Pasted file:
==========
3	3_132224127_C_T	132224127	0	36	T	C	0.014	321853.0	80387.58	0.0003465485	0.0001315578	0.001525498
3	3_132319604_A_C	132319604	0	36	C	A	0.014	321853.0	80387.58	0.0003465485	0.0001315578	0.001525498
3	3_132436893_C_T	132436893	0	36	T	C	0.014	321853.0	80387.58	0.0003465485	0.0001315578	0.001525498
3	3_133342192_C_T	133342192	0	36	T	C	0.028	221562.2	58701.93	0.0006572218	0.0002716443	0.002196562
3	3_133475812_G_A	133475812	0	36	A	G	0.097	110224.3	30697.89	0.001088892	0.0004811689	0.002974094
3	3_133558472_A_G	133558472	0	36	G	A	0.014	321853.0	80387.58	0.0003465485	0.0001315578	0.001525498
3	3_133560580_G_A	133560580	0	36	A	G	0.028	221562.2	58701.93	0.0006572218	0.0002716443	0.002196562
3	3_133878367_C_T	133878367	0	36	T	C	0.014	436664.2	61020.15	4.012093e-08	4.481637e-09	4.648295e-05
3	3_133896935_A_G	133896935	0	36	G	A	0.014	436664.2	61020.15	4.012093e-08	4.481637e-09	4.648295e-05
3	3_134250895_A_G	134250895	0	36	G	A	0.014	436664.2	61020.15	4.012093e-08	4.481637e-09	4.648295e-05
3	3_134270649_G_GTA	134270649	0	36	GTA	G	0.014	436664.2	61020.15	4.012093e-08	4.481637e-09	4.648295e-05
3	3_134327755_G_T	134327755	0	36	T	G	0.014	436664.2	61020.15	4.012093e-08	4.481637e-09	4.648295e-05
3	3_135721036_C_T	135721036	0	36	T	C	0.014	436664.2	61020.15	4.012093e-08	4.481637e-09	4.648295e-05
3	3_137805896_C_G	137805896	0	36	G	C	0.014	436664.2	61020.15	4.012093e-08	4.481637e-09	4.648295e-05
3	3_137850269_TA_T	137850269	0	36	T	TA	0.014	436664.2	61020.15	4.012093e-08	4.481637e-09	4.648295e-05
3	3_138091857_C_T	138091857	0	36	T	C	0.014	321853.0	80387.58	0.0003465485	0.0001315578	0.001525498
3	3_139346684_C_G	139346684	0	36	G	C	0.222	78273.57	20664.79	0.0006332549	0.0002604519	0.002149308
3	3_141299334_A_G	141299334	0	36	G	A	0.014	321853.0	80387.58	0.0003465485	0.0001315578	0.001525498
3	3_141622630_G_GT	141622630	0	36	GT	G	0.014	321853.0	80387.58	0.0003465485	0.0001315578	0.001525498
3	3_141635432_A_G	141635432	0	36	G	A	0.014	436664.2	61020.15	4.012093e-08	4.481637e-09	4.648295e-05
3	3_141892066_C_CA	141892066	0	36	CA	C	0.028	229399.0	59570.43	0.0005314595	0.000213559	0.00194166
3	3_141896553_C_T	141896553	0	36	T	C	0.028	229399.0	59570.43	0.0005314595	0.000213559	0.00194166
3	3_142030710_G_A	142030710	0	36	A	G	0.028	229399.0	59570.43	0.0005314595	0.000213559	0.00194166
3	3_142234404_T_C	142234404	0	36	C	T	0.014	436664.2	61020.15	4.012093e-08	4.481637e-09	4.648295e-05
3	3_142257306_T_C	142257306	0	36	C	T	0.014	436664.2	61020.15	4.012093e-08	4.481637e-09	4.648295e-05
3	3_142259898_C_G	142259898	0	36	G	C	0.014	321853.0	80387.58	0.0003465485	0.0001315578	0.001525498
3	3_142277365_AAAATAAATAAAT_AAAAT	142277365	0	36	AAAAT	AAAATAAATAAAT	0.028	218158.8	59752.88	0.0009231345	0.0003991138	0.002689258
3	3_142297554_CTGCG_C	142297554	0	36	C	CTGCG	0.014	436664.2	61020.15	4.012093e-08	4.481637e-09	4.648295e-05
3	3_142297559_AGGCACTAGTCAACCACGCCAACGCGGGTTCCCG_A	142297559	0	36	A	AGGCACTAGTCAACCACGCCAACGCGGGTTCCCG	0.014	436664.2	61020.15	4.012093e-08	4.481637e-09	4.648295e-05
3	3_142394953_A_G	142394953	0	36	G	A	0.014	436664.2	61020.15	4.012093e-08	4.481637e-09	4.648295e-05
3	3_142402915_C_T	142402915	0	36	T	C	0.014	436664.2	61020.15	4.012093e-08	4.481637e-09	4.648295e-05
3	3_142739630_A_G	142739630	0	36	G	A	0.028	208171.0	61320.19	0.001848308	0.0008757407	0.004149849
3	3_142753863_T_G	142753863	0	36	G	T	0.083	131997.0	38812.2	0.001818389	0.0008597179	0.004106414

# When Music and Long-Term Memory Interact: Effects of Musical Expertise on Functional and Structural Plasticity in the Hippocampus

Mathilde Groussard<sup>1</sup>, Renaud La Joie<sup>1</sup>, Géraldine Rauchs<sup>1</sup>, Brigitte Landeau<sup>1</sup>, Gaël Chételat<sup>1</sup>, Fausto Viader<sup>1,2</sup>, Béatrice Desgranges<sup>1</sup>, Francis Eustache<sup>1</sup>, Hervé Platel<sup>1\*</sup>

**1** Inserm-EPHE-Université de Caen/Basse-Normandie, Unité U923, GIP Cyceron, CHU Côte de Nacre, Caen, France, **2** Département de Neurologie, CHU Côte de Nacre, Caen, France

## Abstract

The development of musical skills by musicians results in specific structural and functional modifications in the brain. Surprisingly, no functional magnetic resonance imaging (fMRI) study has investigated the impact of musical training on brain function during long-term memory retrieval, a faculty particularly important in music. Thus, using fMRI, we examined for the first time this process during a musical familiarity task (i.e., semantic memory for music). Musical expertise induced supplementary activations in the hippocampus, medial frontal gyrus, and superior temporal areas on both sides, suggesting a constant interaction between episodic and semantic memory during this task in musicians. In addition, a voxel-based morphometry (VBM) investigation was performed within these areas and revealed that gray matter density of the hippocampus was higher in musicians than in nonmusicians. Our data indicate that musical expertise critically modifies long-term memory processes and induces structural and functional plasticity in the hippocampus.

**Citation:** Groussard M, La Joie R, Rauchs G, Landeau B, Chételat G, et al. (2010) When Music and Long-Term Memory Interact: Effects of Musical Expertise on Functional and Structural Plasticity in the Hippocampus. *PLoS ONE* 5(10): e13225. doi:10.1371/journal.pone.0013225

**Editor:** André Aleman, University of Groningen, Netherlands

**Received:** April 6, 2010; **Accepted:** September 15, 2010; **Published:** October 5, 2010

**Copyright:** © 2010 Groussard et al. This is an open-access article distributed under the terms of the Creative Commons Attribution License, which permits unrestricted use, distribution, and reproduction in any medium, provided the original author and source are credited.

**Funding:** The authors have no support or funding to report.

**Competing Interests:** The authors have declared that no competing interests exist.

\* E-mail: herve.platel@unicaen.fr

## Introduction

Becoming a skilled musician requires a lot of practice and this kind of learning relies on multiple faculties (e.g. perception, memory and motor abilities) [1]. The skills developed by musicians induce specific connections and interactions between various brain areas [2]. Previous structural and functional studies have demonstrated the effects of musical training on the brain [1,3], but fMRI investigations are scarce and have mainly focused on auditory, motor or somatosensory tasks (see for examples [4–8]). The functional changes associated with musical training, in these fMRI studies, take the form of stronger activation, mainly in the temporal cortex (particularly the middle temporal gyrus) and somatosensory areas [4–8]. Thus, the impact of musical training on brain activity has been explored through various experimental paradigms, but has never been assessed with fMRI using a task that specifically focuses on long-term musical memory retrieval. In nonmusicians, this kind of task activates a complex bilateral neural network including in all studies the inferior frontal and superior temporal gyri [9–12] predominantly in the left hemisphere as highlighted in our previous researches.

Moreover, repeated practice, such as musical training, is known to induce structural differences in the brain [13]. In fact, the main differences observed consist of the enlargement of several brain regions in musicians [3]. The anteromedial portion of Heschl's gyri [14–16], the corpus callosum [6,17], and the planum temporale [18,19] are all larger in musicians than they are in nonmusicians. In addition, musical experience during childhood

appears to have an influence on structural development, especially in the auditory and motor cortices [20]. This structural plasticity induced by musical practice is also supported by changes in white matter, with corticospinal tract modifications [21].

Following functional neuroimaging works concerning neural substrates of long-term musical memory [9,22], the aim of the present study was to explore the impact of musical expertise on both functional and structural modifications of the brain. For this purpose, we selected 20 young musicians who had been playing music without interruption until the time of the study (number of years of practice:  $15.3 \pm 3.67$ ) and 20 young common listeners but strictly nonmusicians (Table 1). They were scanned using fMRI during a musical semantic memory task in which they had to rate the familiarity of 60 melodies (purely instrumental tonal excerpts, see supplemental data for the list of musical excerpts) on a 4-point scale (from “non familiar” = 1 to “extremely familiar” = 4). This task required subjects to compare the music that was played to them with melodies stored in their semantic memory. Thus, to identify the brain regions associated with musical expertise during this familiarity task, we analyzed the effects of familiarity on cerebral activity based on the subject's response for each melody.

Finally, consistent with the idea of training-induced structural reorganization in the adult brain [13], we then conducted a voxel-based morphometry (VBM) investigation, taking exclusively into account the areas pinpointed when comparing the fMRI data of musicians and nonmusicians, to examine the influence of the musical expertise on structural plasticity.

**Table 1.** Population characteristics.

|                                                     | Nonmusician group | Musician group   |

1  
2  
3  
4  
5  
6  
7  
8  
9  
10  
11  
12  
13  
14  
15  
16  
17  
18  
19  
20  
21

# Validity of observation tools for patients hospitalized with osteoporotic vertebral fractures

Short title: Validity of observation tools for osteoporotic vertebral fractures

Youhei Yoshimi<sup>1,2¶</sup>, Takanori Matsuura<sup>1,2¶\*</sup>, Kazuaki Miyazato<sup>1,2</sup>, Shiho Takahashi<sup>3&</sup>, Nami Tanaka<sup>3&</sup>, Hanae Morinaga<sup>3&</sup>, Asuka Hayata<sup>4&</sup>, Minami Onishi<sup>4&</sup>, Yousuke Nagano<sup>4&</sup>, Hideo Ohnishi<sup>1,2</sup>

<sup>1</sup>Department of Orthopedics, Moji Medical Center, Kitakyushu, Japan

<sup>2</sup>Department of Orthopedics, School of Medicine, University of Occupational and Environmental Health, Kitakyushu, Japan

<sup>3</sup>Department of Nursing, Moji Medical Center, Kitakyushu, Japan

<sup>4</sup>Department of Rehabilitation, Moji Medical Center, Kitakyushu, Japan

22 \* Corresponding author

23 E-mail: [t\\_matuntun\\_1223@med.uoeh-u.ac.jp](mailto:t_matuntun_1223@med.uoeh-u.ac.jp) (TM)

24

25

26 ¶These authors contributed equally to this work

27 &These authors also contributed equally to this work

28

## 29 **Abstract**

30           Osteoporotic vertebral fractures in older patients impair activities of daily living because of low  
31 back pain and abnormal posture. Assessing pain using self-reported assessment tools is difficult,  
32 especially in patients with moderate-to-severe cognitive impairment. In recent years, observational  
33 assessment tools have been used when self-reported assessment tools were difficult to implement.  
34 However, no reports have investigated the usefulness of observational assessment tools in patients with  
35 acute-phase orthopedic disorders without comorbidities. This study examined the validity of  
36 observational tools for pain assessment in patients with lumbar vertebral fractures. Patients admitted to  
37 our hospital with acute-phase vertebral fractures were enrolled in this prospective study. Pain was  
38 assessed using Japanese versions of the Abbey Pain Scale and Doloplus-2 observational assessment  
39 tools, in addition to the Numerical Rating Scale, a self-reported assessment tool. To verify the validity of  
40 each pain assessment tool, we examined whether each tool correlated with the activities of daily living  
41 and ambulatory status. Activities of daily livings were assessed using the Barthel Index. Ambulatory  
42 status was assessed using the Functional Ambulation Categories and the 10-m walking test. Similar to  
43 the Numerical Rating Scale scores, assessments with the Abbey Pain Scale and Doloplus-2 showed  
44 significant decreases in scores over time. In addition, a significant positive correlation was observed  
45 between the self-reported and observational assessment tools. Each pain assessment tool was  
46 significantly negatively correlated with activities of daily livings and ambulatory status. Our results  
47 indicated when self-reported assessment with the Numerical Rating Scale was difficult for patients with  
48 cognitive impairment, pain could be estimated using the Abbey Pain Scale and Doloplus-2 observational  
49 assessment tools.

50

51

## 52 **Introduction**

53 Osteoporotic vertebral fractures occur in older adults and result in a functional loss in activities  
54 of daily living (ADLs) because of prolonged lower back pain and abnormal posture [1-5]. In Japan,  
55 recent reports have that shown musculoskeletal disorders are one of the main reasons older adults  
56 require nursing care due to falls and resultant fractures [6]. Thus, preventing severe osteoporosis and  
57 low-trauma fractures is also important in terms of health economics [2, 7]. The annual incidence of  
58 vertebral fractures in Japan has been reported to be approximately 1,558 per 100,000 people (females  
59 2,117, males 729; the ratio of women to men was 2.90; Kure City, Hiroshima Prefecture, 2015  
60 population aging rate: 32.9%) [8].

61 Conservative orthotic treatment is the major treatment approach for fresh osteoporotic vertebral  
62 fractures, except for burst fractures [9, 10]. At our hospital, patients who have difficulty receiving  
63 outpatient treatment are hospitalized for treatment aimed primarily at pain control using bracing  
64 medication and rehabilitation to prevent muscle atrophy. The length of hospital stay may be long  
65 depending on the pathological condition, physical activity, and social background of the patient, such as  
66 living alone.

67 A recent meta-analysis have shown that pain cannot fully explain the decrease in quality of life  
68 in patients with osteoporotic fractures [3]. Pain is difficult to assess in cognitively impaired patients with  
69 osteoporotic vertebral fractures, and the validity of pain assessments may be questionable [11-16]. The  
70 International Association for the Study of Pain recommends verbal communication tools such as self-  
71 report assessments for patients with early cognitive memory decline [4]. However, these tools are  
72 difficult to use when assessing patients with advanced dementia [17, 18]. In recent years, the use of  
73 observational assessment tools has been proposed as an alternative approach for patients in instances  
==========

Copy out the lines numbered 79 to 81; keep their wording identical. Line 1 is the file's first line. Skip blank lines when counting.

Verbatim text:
<sup>2</sup>Department of Orthopedics, School of Medicine, University of Occupational and Environmental Health, Kitakyushu, Japan

<sup>3</sup>Department of Nursing, Moji Medical Center, Kitakyushu, Japan

<sup>4</sup>Department of Rehabilitation, Moji Medical Center, Kitakyushu, Japan